There is only one true beta. And by labeling it as “smart” doesn’t change the fact that these so-called smart beta portfolios are based on systematic, formulaic weighting schemes used to find the appropriate weight of each stock in the portfolio. Additionally, the only true passive strategy is the cap-weighted (buy and hold) index, which represents the market. Any strategy that identifies and attempts to exploit a targeted fundamental factor can be successful only through active trading. Without any periodic systematic maintenance of the desired factor tilts, the targeted benefit is missed and/or eliminated as the portfolio falls victim to style drift due to market activity.
So how can investors be smarter about smart beta?
The common element of all non-cap weighted smart beta strategies is the need to rebalance. It is this very rebalancing activity that is actually the principal driver of the return enhancement and leads to better risk management. Most smart beta strategies tap into this rebalancing premium accidentally, while pursuing their own particular factor exposure objective.
But if rebalancing is the true underlying alpha source, shouldn’t it follow that the truly “smart” approach would be to pursue this very alpha deliberately and efficiently—in other words, “smart alpha?”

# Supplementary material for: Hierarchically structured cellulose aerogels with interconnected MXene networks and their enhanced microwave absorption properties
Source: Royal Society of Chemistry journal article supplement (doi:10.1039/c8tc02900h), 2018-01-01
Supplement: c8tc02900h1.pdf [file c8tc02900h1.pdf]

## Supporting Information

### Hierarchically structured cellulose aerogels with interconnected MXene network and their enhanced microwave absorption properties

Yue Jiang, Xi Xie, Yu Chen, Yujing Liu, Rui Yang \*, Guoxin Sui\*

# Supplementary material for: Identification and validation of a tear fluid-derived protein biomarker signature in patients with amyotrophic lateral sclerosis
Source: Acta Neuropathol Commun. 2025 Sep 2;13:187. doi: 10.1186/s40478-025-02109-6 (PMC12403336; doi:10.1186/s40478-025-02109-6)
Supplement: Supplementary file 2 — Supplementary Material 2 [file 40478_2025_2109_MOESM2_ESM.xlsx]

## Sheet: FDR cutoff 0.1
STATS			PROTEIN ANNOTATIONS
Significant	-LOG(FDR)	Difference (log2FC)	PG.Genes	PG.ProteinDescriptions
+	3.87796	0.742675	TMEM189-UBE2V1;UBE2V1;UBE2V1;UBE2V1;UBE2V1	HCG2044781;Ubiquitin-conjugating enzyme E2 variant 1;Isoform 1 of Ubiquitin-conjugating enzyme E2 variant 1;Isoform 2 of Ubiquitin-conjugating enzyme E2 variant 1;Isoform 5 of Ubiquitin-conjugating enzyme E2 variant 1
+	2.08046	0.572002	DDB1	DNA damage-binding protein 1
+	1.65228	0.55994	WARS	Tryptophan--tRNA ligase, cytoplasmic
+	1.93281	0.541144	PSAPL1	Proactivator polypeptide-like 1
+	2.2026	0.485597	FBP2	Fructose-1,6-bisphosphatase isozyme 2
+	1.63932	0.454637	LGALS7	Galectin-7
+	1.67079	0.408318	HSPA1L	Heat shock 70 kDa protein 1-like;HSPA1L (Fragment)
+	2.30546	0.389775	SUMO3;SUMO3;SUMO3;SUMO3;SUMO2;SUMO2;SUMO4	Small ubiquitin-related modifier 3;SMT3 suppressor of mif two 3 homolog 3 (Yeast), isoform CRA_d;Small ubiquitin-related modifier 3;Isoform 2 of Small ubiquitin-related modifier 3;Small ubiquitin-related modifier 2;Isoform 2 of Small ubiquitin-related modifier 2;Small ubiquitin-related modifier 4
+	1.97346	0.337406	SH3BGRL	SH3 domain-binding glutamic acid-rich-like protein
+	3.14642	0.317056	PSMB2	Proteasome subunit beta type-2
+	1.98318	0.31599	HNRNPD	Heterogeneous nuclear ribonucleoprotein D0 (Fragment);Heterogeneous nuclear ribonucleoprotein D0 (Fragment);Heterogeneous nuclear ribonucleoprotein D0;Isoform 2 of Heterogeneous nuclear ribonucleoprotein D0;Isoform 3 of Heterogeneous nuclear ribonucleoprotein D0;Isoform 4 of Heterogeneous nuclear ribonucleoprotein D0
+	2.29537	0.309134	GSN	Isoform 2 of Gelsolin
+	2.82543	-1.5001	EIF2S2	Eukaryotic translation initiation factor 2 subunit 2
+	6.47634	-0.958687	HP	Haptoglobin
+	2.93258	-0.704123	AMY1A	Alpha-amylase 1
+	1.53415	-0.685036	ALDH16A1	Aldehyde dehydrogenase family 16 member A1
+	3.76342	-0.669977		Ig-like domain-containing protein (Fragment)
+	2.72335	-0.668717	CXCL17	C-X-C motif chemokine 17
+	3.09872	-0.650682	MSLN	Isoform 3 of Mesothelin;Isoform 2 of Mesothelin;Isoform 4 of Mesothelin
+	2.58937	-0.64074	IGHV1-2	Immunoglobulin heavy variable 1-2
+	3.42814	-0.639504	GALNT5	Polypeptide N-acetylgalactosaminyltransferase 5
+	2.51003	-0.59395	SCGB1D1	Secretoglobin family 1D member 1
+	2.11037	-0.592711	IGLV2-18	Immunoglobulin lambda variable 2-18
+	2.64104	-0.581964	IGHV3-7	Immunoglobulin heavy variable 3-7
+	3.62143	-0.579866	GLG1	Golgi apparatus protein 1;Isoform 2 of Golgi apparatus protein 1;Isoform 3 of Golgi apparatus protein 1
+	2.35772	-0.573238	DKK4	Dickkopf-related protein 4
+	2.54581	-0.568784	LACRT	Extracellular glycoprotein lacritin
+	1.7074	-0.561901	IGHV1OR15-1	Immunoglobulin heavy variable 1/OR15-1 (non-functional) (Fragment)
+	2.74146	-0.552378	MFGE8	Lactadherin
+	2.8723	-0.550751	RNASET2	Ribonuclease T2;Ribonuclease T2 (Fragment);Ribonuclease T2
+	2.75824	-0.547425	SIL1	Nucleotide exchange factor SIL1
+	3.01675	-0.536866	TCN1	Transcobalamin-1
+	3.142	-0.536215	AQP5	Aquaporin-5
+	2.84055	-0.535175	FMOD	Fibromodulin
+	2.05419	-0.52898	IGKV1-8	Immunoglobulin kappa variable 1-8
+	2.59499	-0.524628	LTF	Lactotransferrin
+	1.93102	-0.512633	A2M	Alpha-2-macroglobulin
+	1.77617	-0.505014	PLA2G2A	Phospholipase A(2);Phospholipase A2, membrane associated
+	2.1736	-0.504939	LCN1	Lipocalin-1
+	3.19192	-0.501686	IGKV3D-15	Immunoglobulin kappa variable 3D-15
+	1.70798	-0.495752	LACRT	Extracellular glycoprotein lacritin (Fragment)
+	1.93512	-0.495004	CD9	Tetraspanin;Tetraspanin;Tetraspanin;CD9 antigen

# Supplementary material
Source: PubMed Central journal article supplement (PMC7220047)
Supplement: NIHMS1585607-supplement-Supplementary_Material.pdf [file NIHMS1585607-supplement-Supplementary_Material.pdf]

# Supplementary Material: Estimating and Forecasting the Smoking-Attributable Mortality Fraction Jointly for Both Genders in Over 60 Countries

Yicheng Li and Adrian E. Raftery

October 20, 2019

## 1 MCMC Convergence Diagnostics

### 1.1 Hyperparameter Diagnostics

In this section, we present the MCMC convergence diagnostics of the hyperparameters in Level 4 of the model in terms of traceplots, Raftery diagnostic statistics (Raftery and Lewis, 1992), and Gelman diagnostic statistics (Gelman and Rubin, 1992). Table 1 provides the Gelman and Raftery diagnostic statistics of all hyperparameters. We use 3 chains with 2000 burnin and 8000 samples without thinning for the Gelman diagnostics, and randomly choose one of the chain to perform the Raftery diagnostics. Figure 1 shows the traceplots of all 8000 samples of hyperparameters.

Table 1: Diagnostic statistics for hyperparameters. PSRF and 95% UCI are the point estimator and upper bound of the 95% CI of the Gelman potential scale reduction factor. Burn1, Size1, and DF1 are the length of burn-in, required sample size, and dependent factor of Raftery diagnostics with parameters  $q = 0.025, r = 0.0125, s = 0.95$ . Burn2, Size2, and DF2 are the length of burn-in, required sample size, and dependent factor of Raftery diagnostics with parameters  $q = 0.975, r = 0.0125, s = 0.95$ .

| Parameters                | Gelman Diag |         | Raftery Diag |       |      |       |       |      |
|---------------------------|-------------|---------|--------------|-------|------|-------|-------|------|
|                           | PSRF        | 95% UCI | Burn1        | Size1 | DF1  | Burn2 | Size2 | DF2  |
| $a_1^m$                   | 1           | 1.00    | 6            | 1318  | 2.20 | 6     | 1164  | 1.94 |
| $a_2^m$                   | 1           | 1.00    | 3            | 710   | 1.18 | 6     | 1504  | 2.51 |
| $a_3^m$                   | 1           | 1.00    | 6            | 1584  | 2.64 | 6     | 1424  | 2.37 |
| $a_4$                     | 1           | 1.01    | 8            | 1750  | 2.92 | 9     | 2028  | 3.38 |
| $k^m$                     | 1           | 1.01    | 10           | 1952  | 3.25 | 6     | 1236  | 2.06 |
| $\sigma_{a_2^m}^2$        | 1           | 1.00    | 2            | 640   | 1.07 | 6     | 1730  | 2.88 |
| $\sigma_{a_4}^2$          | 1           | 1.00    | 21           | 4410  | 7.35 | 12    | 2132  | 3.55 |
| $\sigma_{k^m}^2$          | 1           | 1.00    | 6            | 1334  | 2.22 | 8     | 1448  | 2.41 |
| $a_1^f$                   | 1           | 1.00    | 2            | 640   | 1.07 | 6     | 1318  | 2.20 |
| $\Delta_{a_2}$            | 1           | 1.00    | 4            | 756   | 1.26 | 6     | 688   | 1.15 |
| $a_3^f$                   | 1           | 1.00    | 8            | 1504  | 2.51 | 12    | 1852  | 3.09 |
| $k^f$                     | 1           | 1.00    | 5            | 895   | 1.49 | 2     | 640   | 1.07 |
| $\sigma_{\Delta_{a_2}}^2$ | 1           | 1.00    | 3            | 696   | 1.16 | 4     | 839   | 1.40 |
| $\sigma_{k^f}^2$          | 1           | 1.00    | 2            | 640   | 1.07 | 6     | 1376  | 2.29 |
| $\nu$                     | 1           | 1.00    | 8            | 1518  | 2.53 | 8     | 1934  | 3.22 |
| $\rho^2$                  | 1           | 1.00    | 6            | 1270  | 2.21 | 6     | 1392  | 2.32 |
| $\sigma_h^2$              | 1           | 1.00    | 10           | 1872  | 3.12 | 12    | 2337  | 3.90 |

Smart alpha means:
- reweighting a portfolio from cap-weighting to potentially more efficient weightings;
- using portfolio-level risk controls to increase efficiency further;
- trading effectively, with an eye toward resistance to overcrowding and front-running effects; and
- the ability to customize portfolio solutions to meet client needs based on risk budgets, return targets or funding status.
It is true that smart beta has the potential to generate long-term returns above cap-weighted indexes without picking stocks or forecasting stock returns. And, portfolios comprised of factors are potentially low-cost ways to take or remove explicit factor bets in a portfolio. However, most smart beta portfolios suffer from the dangers of inadequate risk controls relative to the benchmark, overcrowding/capacity issues and sub-optimal implementation. As a result, smart beta portfolios often introduce many unintended sources of risk into a multi-strategy portfolio.
Because better returns may come from better risk management, smart alpha is a means by which investors saving for their retirement can deliberately tap into the common return source of the most popular smart beta strategies, but in a way that is designed to make the best use of this return source in a risk-controlled and targeted framework.
Richard Yasenchak, CFA, Client Portfolio Manager, INTECH
This article is for general informational purposes only and is not intended as investment advice, as an offer or solicitation of an offer to sell or buy, or as an endorsement, recommendation or sponsorship of any company, security, advisory service or product. This information should not be used as the sole basis for an investment decision. Past performance does not guarantee future results. Investing involves risk including the loss of principal and fluctuation of value.Any opinions of the author(s) do not necessarily reflect the stance of Asset International or its affiliates.